Also, Russia’s current position in Europe has been stronger than it has been in previous historical periods. The fall of the Soviet Union, in 1991, brought with it nine years of political struggle and uncertainty. However, under the leadership of Putin, Russia has managed to turn its fortune. The new Russia should be a concern to the West, especially to the European Union. Lucas argues, quite correctly, that Russia’s position in Europe is advantageous for its political and foreign policy, that being the upkeep of its democratic sovereignty, due to its strong oil and gas exports (Lucas, 2014, p. 213-217). The strong natural gas exports are mainly to Germany (Rystad Energy, 2020; Gazprom Export, 2021). This fact is significant, due to the broader ramifications between Russo-German relations, and to a greater extent, relations between Russia and the European Union. In a somewhat hypocritical move, Russia has managed to diminish the sovereignty of Germany, as well as many other oil and gas-dependent countries in Europe, to bolster its position on the world stage. In the context of great power competition threatening global security, an observer should not be surprised when dealing with hypocrisies in international relations. Russia’s stranglehold on Germany, and other states of the world, is a cause for concern for the security of the world, as it allows Russia to act without proper international backlash. This could be seen in Germany’s tepid response to Russia’s incursions into Ukraine in 2013-14 (Spiegel, 2014). Russia’s position in having such a large natural resource to export to Europe is a symptom of a larger problem. If a sovereign state can dictate through force, coerce, or manipulate another sovereign state into either acting or not acting in their interests, it poses a threat to global security, as it allows a state to act separately from the global community. If one great power can use Machiavellian tactics, such as manipulation and coercion, against another great power to achieve its strategic goals it causes a threat to global security. A state with all the power can wield significant damage to global security.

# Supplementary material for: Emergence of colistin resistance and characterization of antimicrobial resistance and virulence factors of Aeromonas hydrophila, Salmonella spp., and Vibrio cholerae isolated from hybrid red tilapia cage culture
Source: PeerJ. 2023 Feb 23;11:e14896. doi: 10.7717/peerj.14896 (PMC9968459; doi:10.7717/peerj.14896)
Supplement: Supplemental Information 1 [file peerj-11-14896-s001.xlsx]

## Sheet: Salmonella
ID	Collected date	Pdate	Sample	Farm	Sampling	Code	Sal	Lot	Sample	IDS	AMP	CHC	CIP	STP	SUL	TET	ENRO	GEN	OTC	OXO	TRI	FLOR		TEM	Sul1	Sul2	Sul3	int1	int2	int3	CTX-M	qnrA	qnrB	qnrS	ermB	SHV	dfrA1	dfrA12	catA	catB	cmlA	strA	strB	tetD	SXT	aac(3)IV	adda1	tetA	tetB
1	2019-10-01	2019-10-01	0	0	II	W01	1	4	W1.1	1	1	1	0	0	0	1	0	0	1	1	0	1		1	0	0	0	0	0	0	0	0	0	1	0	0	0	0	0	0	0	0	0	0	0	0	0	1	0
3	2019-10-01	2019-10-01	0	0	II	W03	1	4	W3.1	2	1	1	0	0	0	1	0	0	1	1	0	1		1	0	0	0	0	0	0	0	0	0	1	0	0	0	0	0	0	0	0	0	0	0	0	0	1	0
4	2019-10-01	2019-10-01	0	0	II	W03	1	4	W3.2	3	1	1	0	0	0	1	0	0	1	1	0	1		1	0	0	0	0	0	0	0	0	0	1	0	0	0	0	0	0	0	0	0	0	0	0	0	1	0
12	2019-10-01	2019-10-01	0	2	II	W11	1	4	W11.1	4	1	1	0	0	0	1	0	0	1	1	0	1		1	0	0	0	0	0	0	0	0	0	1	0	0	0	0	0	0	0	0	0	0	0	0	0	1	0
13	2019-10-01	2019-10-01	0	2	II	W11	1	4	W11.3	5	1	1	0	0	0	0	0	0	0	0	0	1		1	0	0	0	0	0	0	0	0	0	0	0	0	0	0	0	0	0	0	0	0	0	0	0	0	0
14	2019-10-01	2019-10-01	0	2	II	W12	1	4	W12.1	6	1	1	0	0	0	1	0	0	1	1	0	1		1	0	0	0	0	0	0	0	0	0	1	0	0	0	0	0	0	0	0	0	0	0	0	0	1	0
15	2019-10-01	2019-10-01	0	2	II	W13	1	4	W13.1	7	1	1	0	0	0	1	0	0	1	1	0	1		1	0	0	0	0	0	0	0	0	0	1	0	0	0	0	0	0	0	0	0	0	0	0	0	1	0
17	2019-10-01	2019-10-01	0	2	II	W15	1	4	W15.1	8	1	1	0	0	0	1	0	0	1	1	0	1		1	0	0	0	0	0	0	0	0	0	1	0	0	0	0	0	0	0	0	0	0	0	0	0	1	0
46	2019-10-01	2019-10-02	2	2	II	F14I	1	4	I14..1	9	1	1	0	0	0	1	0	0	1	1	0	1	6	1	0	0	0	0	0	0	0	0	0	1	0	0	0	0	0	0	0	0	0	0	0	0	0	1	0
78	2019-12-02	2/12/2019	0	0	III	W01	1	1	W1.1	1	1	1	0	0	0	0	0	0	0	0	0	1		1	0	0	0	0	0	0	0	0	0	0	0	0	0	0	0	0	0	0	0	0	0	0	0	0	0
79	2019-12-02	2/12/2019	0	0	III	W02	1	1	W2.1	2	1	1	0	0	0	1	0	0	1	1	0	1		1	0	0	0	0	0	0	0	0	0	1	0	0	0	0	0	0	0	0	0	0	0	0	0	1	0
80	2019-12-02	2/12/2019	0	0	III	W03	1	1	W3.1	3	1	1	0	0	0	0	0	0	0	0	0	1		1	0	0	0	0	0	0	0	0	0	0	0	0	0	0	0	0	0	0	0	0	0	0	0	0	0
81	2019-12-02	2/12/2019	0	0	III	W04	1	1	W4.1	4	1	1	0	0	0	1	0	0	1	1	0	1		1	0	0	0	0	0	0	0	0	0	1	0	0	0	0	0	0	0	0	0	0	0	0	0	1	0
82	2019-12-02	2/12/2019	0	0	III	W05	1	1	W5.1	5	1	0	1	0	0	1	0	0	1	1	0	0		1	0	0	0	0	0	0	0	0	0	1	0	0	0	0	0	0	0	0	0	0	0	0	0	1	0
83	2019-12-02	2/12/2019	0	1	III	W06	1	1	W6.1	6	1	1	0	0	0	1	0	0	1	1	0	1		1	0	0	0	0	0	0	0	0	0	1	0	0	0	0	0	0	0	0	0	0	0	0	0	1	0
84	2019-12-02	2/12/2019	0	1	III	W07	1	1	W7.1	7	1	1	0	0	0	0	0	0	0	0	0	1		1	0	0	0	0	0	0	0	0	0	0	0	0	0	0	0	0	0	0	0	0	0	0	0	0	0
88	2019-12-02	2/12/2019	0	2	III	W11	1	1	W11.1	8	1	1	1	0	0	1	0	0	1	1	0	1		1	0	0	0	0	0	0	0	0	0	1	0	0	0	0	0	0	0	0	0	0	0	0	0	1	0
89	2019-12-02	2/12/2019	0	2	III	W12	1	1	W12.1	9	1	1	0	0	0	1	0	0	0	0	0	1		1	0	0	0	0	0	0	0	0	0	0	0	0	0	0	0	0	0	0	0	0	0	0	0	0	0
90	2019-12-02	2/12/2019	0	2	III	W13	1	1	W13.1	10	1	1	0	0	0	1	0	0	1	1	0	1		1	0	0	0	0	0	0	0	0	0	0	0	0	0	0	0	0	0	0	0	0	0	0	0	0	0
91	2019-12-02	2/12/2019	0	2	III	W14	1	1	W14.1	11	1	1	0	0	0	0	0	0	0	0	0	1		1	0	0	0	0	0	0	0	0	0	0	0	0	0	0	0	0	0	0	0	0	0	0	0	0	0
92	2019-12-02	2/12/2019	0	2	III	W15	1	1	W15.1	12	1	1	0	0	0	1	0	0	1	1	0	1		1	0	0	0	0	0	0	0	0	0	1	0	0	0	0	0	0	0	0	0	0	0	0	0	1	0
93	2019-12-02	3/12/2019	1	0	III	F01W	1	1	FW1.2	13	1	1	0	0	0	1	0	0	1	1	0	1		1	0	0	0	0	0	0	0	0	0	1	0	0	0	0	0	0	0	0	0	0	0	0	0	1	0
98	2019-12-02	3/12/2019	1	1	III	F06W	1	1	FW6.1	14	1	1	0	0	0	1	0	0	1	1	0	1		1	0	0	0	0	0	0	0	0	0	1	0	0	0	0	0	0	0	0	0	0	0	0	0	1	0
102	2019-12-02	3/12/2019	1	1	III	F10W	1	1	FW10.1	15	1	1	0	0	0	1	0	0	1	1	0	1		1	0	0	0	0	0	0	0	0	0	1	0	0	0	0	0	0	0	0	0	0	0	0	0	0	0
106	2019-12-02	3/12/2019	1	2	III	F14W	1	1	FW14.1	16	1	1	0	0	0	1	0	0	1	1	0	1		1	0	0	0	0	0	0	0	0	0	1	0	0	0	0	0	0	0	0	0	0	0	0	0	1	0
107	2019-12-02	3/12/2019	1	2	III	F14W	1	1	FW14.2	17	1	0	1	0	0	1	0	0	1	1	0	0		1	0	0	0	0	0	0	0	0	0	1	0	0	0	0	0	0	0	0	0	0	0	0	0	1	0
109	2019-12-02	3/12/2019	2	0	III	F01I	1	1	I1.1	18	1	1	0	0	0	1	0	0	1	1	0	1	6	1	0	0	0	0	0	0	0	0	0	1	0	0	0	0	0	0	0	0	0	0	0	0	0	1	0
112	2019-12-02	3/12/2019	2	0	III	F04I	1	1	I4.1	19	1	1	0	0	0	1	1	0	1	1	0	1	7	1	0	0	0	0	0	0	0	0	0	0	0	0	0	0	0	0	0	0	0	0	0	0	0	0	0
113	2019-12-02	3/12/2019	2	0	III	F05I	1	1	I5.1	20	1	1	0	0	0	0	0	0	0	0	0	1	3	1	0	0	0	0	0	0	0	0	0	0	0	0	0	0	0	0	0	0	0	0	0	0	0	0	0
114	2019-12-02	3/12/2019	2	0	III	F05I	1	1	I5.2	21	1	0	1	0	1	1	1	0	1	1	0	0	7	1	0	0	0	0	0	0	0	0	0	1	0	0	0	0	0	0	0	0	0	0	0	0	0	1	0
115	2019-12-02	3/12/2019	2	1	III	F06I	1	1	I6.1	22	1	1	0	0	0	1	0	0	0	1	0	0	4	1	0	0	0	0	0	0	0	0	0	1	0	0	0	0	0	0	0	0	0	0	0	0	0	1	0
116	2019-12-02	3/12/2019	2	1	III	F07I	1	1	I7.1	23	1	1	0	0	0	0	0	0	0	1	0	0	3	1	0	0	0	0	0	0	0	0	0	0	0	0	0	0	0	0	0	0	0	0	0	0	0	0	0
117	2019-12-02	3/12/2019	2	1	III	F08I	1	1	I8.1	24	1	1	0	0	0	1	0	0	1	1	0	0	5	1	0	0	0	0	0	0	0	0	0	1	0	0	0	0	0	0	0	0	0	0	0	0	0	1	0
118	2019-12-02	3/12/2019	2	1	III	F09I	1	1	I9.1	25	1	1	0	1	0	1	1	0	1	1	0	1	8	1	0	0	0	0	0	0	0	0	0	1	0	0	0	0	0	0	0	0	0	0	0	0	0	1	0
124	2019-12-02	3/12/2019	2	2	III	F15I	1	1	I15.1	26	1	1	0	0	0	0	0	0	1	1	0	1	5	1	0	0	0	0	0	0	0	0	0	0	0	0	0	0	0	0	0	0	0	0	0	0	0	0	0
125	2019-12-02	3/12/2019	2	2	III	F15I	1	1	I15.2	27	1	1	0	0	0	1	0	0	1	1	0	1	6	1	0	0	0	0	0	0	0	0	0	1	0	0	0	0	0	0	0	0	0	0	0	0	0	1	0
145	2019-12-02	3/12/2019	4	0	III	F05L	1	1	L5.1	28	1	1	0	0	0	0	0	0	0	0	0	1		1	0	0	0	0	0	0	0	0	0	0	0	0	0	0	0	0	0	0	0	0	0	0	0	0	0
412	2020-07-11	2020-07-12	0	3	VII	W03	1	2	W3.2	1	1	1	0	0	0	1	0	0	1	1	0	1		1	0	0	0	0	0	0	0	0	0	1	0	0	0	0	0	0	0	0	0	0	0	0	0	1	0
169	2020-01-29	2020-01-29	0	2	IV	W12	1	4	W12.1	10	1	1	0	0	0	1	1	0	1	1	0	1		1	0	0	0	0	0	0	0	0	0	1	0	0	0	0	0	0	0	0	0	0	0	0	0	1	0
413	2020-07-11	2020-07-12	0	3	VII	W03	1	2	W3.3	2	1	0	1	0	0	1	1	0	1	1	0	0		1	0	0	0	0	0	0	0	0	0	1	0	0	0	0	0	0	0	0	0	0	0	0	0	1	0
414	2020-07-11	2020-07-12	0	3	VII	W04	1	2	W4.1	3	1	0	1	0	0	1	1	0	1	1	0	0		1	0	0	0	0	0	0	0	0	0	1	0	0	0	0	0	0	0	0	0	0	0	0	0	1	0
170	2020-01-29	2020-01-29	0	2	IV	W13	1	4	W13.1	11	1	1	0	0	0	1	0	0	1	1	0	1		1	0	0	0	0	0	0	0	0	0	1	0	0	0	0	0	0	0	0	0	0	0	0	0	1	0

Overall, I would argue Russia’s position is not one of massive international concern. The Russian threat, or what we Westerners perceive it to be, is not the massive bogeyman as it was in previous decades. With the Soviet Union dead, the Russian psyche must be one of defence first due to its massive loss of perceived friendly territory. And with NATO’s expansion into what Russia could perceive as its sphere of influence, the West risks igniting tensions that shouldn’t exist. Perhaps the duality that Russia seems to have only needs to be coaxed out to be a cooperative member of the European Community. A cooperative Russia would benefit not only peace in Europe but also global peace.

Lastly, when dealing with great power competition threatening global security, the role of China must be analysed. China has a rich and complex history and culture; from the Qin Empire to Xi Jinping, China’s civilisation rivals that of even the great Empires of Europe. As Kissinger argues, in his book On China, the Chinese view themselves as having a national destiny to be, not only the dominant power in Asia but also the world hegemon (Kissinger, 2012). And with China’s recent diplomatic feelers in the international arena, incursions into the South China Sea (Sevastopulo, 2021), and threats against Taiwan (Patel, 2021), they, like Russia, are testing the will of the West – but more specifically the United States. However, some argue that China cannot, and can never, become the world hegemon due to economic failings and domestic crises.

Though China boasts, and can rightly do so, of being the second-largest economy in the world (Research FDI, 2021), its economic capabilities are not as impressive as first thought. With Chinese economic modernisation came, similarly to the United States, international obligations. As Li argues, China has become too interdependent and connected to the world economy to be a major threat to global security (Li, 2004). This is somewhat correct as a great power like China cannot invade or wage a war on another power, whether it is against a minor power bordering China or a great power overseas. Concerning Li and similarly the American industry, China has developed an overreliance on the importation of minerals from Africa (Devaland, 2009). This overreliance on a foreign power’s resources, in this case, minerals, is a large cause for concern as, like the ability of Russia to manipulate other European countries, China is influenced by another power.